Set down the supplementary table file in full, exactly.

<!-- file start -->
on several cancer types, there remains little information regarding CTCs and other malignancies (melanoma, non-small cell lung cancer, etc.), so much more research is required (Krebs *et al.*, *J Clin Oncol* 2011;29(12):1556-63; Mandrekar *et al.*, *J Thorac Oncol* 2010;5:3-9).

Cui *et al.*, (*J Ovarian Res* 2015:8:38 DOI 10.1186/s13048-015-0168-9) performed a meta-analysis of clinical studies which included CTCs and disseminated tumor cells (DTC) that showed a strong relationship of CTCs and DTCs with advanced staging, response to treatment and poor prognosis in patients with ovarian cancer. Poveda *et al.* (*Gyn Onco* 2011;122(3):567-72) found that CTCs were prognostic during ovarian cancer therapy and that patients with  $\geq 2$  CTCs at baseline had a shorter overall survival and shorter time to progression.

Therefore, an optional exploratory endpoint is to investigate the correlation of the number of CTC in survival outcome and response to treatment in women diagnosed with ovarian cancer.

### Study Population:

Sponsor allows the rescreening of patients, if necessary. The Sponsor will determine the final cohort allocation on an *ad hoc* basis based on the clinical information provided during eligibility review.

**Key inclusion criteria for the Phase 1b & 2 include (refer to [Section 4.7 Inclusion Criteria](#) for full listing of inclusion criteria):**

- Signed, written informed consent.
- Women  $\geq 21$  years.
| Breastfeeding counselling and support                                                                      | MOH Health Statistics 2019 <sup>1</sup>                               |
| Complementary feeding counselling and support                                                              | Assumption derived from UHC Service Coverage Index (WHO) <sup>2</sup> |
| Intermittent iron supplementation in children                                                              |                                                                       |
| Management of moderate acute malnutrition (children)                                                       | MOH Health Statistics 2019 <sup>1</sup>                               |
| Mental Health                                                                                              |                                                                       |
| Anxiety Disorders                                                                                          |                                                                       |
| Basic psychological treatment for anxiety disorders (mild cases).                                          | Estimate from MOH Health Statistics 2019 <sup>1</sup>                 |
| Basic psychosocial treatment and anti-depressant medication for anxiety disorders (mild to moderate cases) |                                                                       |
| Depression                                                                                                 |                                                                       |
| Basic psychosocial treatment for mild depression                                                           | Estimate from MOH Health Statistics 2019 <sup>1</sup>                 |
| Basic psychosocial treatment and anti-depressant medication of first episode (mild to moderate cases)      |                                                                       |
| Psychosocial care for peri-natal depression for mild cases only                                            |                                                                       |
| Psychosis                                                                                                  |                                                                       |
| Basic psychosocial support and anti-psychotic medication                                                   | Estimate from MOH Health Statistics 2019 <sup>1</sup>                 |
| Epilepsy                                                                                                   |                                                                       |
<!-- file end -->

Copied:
on several cancer types, there remains little information regarding CTCs and other malignancies (melanoma, non-small cell lung cancer, etc.), so much more research is required (Krebs *et al.*, *J Clin Oncol* 2011;29(12):1556-63; Mandrekar *et al.*, *J Thorac Oncol* 2010;5:3-9).

Cui *et al.*, (*J Ovarian Res* 2015:8:38 DOI 10.1186/s13048-015-0168-9) performed a meta-analysis of clinical studies which included CTCs and disseminated tumor cells (DTC) that showed a strong relationship of CTCs and DTCs with advanced staging, response to treatment and poor prognosis in patients with ovarian cancer. Poveda *et al.* (*Gyn Onco* 2011;122(3):567-72) found that CTCs were prognostic during ovarian cancer therapy and that patients with  $\geq 2$  CTCs at baseline had a shorter overall survival and shorter time to progression.

Therefore, an optional exploratory endpoint is to investigate the correlation of the number of CTC in survival outcome and response to treatment in women diagnosed with ovarian cancer.

### Study Population:

Sponsor allows the rescreening of patients, if necessary. The Sponsor will determine the final cohort allocation on an *ad hoc* basis based on the clinical information provided during eligibility review.

**Key inclusion criteria for the Phase 1b & 2 include (refer to [Section 4.7 Inclusion Criteria](#) for full listing of inclusion criteria):**

- Signed, written informed consent.
- Women  $\geq 21$  years.
| Breastfeeding counselling and support                                                                      | MOH Health Statistics 2019 <sup>1</sup>                               |
| Complementary feeding counselling and support                                                              | Assumption derived from UHC Service Coverage Index (WHO) <sup>2</sup> |
| Intermittent iron supplementation in children                                                              |                                                                       |
| Management of moderate acute malnutrition (children)                                                       | MOH Health Statistics 2019 <sup>1</sup>                               |
| Mental Health                                                                                              |                                                                       |
| Anxiety Disorders                                                                                          |                                                                       |
| Basic psychological treatment for anxiety disorders (mild cases).                                          | Estimate from MOH Health Statistics 2019 <sup>1</sup>                 |
| Basic psychosocial treatment and anti-depressant medication for anxiety disorders (mild to moderate cases) |                                                                       |
| Depression                                                                                                 |                                                                       |
| Basic psychosocial treatment for mild depression                                                           | Estimate from MOH Health Statistics 2019 <sup>1</sup>                 |
| Basic psychosocial treatment and anti-depressant medication of first episode (mild to moderate cases)      |                                                                       |
| Psychosocial care for peri-natal depression for mild cases only                                            |                                                                       |
| Psychosis                                                                                                  |                                                                       |
| Basic psychosocial support and anti-psychotic medication                                                   | Estimate from MOH Health Statistics 2019 <sup>1</sup>                 |
| Epilepsy                                                                                                   |                                                                       |